The restaurant has a new chef,
Stewart Woodman, and he has quite a pedigree. He was formerly a sous chef at Le
Bernardin and Alain Ducasse at the Essex House, and also worked with
Jean-Georges Vongerich-ten at Mercer Kitchen and Jean Georges. He uses simple,
top-quality, identifiable ingredients (no mystery purées or weird combinations
of unlikely foods), and his style of cooking is modern and uncluttered. But
this past week, he put his mind to comfort food. After last Tuesday, said Ms.
Laffredo, “We felt that many of our regular neighborhood residents wanted the
option of something a bit simple, rather than the more creative items that have
become a standard of our new chef.”
So foie-gras skewers and
oysters with three toppings were gone (they’re back now). Instead, Mr. Woodman
offered pizza and hamburgers-normally reserved for lunch. Indeed, there was
plenty of comfort to be gleaned from his thin-crust pizza, topped with goat
cheese, sliced fennel sausage and roasted tomatoes. The thick, juicy hamburger
came with terrific fries, to be dipped in a creamy pink chipotle mayonnaise, as
did the beefy sirloin steak, sliced rare and served with grilled asparagus.
Orange-glazed shrimp, lightly
spiced with chili and orange powder, arrive on jasmine rice with crisp slivers
of fried lotus root. If you order spinach salad, you get a pile of young leaves
topped with slivered white mushrooms and idiazobal cheese (from the Basque
region of Spain, it’s made with goat’s milk and tastes like smoked manchego).
The salad is tossed with pistachio oil and surrounded with toasted pistachios.
A green salad is made with crisp leaves of treviso, romaine, red oak and bibb
tied in a bundle like a hayrick in a Brueghel painting and dressed in a
vinaigrette flavored with smoked bonito flakes.
But back to comfort food.
Short ribs certainly fit the bill, and Mr. Woodman braised his with tamarind,
tomatoes and brown sugar seasoned with coriander and Szechwan pepper. They
were deep mahogany in color, heaped on
mashed potatoes with rock shrimp and harissa sauce, which sounds curious but
went wonderfully. A pork chop studded with sage and garlic confit and slowly
roasted emerged rather tough, although it had good flavor. But the outstanding
dish I tasted was the lobster, roasted in the wood-burning oven. It arrived in
its scarlet shell, reclining on a farina cake within a circle of rich lobster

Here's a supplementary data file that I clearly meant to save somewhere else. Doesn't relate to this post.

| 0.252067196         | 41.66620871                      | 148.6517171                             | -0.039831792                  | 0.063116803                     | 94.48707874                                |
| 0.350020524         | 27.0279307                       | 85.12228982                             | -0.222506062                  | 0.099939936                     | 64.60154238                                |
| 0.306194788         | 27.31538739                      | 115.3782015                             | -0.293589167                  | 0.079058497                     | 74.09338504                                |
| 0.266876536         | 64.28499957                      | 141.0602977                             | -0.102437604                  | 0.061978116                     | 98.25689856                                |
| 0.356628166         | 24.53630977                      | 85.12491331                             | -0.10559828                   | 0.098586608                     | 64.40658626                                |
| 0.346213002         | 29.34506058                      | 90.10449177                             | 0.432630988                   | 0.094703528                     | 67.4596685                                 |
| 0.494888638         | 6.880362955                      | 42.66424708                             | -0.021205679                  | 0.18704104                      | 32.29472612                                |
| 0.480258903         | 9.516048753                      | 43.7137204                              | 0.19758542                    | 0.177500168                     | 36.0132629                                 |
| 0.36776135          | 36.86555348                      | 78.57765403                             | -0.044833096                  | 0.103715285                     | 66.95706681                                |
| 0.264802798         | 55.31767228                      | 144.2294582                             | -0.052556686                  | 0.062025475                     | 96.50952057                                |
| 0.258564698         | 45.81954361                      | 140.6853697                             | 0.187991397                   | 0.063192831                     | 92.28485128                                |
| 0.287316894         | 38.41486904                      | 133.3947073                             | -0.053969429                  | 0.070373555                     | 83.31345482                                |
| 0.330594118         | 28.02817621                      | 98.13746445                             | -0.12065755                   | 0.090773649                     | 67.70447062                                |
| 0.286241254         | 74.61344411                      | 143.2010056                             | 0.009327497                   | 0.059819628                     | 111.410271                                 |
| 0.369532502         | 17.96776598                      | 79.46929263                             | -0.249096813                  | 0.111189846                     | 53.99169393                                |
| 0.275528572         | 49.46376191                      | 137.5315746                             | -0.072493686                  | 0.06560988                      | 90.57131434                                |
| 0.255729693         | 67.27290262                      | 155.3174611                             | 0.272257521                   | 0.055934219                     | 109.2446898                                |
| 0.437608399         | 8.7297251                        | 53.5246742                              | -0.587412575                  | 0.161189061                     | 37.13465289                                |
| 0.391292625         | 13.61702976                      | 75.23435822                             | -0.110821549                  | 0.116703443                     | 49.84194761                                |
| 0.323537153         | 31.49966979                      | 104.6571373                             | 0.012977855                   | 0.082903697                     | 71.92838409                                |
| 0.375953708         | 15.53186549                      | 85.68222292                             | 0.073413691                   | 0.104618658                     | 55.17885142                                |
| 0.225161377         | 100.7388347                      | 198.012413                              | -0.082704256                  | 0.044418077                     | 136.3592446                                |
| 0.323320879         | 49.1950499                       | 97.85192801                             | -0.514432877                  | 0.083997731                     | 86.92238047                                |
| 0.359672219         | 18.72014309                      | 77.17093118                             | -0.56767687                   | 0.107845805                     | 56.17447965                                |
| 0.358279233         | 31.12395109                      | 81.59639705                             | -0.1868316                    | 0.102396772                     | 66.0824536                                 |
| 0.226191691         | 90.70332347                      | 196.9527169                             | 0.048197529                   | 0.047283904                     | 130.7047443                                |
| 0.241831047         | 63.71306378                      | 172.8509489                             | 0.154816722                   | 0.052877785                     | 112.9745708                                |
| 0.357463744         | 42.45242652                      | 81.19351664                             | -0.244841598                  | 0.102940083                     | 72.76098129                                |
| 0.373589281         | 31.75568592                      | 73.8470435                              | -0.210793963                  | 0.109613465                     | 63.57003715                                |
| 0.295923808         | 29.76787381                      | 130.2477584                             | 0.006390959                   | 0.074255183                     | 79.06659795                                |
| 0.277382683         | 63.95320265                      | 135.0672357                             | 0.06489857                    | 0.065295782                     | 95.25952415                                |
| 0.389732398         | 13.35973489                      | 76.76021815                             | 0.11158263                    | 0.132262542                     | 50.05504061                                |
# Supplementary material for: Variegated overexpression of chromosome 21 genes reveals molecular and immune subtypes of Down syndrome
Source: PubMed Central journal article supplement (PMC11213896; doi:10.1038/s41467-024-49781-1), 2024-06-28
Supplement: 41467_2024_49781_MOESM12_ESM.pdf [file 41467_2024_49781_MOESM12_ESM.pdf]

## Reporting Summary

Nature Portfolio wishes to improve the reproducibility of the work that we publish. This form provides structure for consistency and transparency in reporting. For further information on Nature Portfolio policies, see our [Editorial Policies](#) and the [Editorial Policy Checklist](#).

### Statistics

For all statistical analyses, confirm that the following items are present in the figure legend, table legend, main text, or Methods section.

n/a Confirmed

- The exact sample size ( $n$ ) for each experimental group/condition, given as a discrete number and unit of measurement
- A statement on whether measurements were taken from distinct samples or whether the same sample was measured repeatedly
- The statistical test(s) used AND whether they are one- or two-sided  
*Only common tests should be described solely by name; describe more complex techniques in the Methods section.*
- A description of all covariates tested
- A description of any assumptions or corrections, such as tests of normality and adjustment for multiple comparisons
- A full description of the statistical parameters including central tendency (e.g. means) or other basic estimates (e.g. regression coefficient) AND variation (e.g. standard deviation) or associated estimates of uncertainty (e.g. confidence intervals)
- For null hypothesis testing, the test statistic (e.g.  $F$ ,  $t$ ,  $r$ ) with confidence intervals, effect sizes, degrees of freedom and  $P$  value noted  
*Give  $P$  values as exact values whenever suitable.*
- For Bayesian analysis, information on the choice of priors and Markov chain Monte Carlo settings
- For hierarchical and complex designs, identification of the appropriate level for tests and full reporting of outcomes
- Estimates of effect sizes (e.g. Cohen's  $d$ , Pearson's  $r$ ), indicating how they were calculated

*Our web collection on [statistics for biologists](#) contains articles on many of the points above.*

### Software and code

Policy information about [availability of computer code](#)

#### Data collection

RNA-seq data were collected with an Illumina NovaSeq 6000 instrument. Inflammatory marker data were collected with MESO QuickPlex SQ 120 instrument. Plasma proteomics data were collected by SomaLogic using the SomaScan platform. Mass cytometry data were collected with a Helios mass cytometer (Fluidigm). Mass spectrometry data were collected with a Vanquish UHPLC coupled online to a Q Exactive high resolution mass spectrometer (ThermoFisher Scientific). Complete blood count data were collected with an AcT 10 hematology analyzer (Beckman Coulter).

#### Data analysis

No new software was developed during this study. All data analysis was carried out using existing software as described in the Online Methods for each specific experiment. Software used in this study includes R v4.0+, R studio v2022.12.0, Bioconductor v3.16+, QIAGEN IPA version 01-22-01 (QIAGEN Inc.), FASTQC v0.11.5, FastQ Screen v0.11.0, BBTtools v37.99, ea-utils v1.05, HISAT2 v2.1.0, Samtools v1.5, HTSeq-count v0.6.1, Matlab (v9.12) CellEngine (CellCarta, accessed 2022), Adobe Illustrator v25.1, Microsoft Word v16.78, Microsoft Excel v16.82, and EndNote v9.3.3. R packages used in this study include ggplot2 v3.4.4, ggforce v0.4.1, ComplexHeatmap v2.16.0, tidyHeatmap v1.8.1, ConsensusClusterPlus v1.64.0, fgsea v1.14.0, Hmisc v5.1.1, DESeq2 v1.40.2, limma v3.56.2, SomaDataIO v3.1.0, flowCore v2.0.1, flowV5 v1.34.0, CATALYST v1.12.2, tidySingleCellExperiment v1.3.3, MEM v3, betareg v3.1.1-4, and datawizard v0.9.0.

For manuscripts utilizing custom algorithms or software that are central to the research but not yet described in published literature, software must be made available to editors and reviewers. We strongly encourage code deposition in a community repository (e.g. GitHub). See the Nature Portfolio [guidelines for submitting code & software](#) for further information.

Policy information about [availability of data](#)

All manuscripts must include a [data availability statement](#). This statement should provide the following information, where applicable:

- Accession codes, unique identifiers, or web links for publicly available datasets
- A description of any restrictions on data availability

sauce and slivered vegetables.
Desserts are just the sort of
generous, no-nonsense creations you need at a time like this, dishes Mom would
make (although I doubt she has candied sage leaves or verbena in her pantry).
The moist lemon-cardamom Bundt cake was my favorite, with lemon sorbet and
lemon-verbena sauce. But the chocolate layer cake was also wonderful, served
with a milk-chocolate sorbet on a pool of zinfandel-raspberry sauce. The peach
hamantaschen is a recipe from the pastry chef’s grandmother. A plum crisp was
garnished with candied sage leaves and topped with vanilla-sage ice cream.
Baklava, heaped with a zeppelin of green pistachio ice cream, was made with
layers of flaky pastry and, of course, loads of pistachios. At Zoë, they like
Mr. Woodman is now putting
together new dishes for the fall. When the crowds return to Zoë in the coming
weeks, they’ll find Mr. Woodman’s changes most comforting.
90 Prince Street 966-6722
Noise level: Can be high
Wine list: Comprehensive, all-American
list of more than 250 wines; two dozen by the glass
Credit cards: All major, except Discover
Price range: Main courses,
lunch, $10 to $14; dinner, $18 to $28
Lunch: Tuesday to Friday, noon
to 3 p.m.
Dinner: Monday to Thursday, 6
to 10:30 p.m.; Friday, 6 to 11 p.m.; Saturday, 5:30 to 11:30 p.m.; Sunday, 5:30
to 10 p.m.
Brunch: Saturday, noon to 3
p.m.; Sunday, 11:30 to 3:30 p.m.
Light menu: Tuesday to Friday, 3
to 5 p.m.
* * Very Good
* * * Excellent
* * * * Outstanding
No Star: Poor
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